Long before everyone in the world had a beeper attached on their belts I had a beeper because I was an operating room nurse. When the beeper went off it meant I had to go to work so it was not a good thing. In the 80's when everyone was going out and buying beepers I could not understand why someone would want one. I was coming from a different perspective. Same thing with the blackberry-- we have one for work but not personal use.


We love music so we have ipods. We don't want to travel without our music.

I love technology but I'm always amazed when I go into a restaurant and four young people are sitting at a table and instead of talking to one another all four of them have their noses in there cell phones, texting and checking email. I'm old enough to wonder what is the point of them getting together.

I've been walked into countless times because someone is walking down the street or in the grocery checking email. I find that annoying.

On the other hand------ I love my laptop. We bought our first laptop before our around the world trip in 2007. We wanted to stay connected because of aging parents in their 80's and we wanted an easy way for family to contact us if there were an emergency. I must say since that trip I prefer to have the laptop with us when we travel.

Having the laptop on trips makes it much easier to write the blog at our leisure. We can write it in word and cut and paste it into travel blog when we are ready to publish.

Reply to this

7 years ago, May 23rd 2011 No: 9 Msg: #136889  
B Posts: 151
Technology definitely makes travelling a lot easier when it comes to planning, booking flights, researching information about places, mapping trips, connecting with family and friends, safety and so on and so forth ...

I always bring a laptop/netbook, camera and mobile/cellphone when travelling. I don't think I can ever travel without a camera to capture special moments of our trips. Though I can make do without a laptop as I already plan our trips beforehand and have printouts of our itinerary. I also don't write blogs whilst on holiday. I also want to have a mobile/cellphone handy mainly for safety/emergency purposes.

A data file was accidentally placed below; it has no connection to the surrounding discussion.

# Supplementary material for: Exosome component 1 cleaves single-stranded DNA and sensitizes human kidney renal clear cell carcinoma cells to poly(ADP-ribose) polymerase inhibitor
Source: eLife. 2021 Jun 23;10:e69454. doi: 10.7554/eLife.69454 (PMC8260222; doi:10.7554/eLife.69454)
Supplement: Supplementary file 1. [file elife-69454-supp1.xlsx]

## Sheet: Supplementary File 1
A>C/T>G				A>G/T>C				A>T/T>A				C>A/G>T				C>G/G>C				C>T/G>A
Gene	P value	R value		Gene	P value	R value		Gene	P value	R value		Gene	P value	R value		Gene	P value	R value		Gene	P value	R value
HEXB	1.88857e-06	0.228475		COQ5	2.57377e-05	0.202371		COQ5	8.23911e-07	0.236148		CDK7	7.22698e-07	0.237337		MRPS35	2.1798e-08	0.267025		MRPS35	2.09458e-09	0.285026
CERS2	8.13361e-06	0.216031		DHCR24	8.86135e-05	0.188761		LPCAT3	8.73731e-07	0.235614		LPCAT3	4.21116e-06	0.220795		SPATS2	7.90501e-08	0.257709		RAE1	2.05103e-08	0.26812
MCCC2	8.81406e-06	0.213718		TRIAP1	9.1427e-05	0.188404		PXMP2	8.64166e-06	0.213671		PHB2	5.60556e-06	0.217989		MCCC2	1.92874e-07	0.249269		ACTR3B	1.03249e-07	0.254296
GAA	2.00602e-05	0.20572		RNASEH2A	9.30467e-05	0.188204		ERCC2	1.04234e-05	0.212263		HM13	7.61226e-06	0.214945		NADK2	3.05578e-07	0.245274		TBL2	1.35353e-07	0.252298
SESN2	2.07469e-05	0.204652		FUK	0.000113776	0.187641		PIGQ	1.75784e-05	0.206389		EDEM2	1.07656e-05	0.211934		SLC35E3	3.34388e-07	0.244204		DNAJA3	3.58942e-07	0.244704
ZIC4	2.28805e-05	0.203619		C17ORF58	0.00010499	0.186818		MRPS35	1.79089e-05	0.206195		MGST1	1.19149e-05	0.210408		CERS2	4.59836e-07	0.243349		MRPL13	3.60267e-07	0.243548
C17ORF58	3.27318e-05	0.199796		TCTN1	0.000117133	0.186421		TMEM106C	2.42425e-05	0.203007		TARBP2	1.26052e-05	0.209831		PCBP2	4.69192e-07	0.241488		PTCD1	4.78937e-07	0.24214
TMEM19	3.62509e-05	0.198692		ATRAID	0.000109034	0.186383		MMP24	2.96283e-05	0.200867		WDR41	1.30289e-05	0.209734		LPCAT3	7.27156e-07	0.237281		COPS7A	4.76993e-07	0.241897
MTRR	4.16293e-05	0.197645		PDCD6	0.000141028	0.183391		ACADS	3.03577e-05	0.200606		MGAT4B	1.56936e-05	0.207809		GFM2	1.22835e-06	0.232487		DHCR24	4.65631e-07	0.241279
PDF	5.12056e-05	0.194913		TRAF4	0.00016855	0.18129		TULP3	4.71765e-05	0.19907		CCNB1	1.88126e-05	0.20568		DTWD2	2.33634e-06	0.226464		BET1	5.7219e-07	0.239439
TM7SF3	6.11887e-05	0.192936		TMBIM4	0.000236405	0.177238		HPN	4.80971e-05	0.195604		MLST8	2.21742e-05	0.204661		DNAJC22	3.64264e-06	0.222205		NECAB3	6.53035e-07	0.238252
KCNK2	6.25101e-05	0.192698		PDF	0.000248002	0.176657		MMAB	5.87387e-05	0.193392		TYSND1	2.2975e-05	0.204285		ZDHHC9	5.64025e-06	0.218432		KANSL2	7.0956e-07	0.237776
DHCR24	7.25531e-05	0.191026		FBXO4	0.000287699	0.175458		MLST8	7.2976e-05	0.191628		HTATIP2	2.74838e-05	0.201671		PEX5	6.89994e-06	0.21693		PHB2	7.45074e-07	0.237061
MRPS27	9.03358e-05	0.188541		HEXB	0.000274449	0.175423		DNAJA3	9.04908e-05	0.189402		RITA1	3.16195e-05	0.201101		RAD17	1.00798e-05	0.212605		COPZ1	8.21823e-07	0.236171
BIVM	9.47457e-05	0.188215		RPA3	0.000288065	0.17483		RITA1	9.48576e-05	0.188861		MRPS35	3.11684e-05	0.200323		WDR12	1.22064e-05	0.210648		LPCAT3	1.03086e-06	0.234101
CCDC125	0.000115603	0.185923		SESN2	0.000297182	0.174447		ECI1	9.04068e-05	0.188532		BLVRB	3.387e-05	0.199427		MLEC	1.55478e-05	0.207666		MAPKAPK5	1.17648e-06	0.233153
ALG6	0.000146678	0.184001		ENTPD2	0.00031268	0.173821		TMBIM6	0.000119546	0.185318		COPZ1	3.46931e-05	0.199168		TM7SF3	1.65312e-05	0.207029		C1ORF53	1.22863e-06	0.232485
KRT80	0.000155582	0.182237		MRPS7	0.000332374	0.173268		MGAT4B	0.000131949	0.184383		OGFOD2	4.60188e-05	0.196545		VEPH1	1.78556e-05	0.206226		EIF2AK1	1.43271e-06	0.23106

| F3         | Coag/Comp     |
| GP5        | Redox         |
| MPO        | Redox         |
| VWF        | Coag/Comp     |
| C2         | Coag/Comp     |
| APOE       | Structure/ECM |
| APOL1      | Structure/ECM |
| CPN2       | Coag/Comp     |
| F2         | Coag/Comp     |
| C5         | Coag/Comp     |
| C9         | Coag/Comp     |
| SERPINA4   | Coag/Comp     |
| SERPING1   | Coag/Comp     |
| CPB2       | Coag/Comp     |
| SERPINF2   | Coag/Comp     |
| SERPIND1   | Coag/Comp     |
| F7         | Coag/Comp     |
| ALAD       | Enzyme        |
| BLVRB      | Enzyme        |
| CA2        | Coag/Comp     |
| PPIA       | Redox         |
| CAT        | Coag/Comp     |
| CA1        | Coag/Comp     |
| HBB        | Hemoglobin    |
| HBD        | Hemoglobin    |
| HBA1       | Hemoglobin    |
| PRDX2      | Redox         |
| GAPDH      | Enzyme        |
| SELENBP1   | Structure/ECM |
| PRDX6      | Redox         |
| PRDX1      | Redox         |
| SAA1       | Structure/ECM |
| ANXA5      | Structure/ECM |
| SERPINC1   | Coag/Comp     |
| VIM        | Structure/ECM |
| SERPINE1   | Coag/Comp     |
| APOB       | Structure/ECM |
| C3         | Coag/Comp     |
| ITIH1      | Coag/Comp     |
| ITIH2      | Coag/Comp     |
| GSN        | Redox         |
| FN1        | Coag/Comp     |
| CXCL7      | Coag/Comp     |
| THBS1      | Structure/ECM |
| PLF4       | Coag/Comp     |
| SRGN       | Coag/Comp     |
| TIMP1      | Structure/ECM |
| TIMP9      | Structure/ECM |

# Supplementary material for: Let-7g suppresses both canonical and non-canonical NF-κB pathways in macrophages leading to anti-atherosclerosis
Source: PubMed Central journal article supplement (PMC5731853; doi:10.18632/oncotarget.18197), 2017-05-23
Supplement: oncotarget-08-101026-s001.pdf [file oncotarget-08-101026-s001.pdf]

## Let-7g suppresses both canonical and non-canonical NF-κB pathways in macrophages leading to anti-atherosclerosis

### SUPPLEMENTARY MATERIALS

It's really handy to have technological gadgets available, but it wouldn't hinder my travel plans if I don't have them. If there's wi-fi connection ... great ! I can check my emails, facebook and let family and friends know where we are, what we're doing and that we're safe. If not, doesn't really bother me.

[Edited: 2011 May 23 11:55 - josworld:15287 ]
Reply to this

7 years ago, May 23rd 2011 No: 10 Msg: #136934  
Ah, I forgot the newest piece of technology........ the kindle. It makes traveling light so much easier.

We do love staying in places with no phones. We enjoy our downtime. Reply to this

7 years ago, May 25th 2011 No: 11 Msg: #137108  
B Posts: 580
In response to: Msg #136774

Shane –

An Interesting variation on the original topic!

I currently live in southern Alberta, in fact if I drive 10 miles in any direction I wouldn’t be too far from Zengotita’s Saskatchewan idyll. As such, to me and for millions of others, it is the norm. Though I can see how someone living in a large city - which I personally have on myriad occasions - or New York, as Zengotita does, would imagine this scene gives, “a sense of your real place in the great scheme of things”.

I wrote about a similar experience in a blog whilst travelling through Canada, though my experience didn’t strictly adhere to the “rules” Zengotita laid down for his own theoretical experience, as I wasn’t stranded, and therefore forced to take in my surroundings.

Which brings us to the issue of “authenticity”; what is it, do we even actually strive for it, where can we find it, how can we experience it, and does it only exist in “the past”? Or is there in fact no such thing objectively, as it is something experienced in the mind, and therefore a constructive authenticity based on an individual’s own experience. After all, As Zengotita says himself, “the opposite of real isn't phony or illusional or fictional -- it's optional”